Deloume Road by Matthew Hooton
Vintage Books, London, 2011
I broke my book buying ban and must blame the Canadian Book Challenge. I ordered this one and several others by Canadian authors when I realized my library would not be purchasing them because of budget cutbacks. Thank goodness for Better World Books.
This book reminded me of other stories about boys growing up together, Different Seasons by Stephen King being one of them. It is the story of a rural community, somewhere down a road between Victoria and Nanaimo, on Vancouver Island. In a summer during the first Gulf War four boys spend time riding their bikes, exploring the woods and just enjoying their free time. The adults in the community have their own stories, some more aware of the boys then others, and mingled with this is the history of the place and connections with the town’s founder. As hot August moves toward September tension builds until the final, terrible event.
This is a beautifully written book, Hooton certainly knows how to convey a sense of place, and the children, their thoughts, and behaviors are so like children I know. They remind me of myself, my siblings, and my friends growing up close to the woods in Maine. I wanted to love this one, but found I only liked it. There are many characters with many stories. For me some worked, some didn’t and I found myself distracted by things that felt unnecessary to the story.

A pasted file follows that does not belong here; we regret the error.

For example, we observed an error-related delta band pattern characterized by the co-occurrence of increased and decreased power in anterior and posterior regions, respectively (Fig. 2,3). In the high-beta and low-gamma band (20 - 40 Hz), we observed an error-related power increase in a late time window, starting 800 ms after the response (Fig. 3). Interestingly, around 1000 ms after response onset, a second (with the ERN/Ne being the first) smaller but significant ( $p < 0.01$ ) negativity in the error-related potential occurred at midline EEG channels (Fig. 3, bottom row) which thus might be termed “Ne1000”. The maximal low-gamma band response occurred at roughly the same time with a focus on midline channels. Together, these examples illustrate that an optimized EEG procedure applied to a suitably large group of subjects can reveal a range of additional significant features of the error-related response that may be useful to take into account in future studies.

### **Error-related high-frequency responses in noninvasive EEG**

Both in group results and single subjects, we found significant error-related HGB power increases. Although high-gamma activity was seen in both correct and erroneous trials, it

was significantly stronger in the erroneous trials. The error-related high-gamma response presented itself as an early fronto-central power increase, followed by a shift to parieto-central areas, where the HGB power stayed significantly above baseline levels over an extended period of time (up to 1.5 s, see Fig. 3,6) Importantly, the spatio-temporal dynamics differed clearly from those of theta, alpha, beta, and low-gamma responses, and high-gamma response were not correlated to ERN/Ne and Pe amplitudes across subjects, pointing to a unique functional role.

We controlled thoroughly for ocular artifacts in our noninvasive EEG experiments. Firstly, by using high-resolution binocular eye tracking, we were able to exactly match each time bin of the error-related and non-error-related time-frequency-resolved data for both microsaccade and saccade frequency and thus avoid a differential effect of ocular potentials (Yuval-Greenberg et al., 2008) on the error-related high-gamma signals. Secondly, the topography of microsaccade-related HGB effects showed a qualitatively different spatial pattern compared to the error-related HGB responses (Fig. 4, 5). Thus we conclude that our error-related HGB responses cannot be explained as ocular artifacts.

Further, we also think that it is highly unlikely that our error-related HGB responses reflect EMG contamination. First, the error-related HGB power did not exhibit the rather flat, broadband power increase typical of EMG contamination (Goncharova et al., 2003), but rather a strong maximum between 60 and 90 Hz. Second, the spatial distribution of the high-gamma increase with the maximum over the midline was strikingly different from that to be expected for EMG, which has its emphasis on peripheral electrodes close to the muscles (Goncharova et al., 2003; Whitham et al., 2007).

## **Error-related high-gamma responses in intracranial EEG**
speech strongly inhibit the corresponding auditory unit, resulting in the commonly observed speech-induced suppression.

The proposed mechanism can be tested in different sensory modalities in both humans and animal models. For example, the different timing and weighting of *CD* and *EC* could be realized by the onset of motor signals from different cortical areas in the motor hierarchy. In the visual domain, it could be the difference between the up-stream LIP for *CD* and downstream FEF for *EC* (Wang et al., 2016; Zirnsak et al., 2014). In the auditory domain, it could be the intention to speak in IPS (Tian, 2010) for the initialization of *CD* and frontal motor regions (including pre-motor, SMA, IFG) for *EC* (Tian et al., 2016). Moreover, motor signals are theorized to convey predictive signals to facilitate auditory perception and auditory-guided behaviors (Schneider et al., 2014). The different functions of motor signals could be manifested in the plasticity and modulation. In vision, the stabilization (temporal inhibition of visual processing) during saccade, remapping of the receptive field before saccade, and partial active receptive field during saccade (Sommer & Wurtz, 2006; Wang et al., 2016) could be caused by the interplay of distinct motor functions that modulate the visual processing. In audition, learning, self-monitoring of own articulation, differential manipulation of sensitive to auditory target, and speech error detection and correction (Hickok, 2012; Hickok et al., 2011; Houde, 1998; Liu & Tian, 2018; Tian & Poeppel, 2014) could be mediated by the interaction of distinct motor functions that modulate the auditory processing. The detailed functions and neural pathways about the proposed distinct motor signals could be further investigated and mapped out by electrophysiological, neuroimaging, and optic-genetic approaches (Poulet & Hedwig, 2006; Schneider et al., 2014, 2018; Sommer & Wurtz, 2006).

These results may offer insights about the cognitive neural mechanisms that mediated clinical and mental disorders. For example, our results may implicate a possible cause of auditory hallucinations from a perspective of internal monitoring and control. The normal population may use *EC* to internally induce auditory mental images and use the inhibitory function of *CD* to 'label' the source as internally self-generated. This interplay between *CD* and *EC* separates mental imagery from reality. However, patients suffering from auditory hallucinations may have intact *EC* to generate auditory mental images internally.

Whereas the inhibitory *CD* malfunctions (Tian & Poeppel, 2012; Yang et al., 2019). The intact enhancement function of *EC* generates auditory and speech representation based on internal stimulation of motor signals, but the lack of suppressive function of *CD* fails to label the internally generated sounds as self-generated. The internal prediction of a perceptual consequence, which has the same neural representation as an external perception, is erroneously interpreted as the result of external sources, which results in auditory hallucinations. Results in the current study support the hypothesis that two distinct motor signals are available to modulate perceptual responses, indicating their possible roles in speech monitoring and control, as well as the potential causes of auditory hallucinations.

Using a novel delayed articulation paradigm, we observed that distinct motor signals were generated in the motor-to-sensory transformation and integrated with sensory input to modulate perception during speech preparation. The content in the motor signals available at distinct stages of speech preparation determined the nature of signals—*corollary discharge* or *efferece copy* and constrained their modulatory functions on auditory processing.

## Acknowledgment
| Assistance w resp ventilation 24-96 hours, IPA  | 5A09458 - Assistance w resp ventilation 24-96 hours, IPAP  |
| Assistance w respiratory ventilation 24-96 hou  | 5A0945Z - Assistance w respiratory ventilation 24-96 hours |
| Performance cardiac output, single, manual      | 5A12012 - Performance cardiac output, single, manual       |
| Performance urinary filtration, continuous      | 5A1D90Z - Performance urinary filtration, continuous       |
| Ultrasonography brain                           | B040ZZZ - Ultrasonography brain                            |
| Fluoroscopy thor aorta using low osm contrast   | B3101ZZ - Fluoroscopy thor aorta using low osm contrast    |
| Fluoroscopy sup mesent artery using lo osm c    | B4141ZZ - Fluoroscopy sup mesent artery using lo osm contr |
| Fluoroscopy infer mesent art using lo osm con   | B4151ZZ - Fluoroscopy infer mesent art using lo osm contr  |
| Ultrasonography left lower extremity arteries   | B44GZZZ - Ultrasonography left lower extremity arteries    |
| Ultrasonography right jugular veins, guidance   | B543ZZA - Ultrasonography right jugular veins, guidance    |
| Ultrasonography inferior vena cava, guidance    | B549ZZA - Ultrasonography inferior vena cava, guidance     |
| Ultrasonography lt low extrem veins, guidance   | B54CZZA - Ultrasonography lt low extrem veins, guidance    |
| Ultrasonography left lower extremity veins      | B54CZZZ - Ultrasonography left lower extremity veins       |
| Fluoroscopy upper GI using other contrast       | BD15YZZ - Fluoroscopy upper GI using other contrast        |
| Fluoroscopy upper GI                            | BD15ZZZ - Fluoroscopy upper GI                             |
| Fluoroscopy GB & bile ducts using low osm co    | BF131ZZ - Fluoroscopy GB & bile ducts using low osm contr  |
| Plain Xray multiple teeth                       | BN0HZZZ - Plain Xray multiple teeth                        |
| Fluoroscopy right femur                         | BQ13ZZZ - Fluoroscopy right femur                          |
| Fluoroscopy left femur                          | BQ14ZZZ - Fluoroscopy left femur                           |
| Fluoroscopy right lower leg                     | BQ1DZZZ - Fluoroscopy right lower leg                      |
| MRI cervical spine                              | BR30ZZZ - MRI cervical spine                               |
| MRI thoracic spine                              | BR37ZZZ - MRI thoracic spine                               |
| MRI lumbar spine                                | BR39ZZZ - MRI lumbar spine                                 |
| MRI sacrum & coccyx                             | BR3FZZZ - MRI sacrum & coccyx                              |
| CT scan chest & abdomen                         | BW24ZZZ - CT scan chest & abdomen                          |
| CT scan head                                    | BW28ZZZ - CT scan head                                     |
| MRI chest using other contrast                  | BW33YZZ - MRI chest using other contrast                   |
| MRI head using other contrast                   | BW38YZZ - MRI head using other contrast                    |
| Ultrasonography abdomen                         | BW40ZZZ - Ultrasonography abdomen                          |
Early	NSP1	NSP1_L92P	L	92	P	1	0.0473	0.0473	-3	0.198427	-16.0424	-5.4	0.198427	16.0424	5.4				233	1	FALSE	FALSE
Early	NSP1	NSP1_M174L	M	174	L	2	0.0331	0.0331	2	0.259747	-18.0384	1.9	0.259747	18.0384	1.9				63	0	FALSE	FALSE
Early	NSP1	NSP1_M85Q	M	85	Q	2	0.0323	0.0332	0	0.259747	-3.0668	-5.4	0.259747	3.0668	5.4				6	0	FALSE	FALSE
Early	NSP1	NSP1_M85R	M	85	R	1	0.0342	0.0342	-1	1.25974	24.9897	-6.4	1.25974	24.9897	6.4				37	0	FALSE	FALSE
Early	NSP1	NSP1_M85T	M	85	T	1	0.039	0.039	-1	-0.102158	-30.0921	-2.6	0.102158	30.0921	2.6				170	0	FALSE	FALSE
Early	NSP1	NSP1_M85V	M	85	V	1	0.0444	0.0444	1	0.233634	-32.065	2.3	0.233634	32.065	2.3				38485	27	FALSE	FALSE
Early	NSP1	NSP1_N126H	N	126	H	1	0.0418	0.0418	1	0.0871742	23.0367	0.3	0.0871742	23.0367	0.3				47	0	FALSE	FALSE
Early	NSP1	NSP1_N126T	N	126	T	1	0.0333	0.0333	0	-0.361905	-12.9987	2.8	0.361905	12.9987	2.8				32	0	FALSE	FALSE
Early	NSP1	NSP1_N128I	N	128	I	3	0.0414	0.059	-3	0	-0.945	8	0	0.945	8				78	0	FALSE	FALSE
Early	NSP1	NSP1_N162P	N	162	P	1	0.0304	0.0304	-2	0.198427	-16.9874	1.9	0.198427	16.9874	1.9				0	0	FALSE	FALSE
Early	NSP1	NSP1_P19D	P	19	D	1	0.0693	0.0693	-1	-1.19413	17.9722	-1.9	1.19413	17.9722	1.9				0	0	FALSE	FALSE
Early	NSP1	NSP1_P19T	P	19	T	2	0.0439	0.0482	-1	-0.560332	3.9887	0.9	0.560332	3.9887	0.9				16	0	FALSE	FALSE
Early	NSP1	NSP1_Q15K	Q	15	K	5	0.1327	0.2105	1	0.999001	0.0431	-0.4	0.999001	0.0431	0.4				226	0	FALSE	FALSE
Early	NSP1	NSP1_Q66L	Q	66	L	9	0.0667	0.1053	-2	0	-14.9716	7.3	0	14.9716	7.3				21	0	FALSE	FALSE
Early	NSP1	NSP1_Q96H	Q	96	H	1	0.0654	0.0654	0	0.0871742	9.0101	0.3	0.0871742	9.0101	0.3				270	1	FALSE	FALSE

Don’t let my thoughts dissuade you from reading Deloume Road. I found some of it truly wonderous.
Blades of grass grow waist-high along both sides of Deloume and tangles of blackberry bushed and crabapple trees border the dairy farms in patches, filling the space between the road and the fence, cutting the cows off from view in places. Children stop here in August, laying their bikes in the grass on the roadside and wandering deep into the mess of thorns and branches, eating berries as they go, until it appears from the road that they are impossibly far in and must have sprung from the fertile ground. They pick sour apples and bite into them, squinting and chewing their bottom lips as they wait for the sourness to pass, the bitterness sharper because of the blackberries they have eaten. The smell of overripe berries and the buzzing of fat insects surrounds them. That night the children will have stomach aches but won’t complain in case their mothers see their stained fingers or thorn-scratched arms and know. from page 3.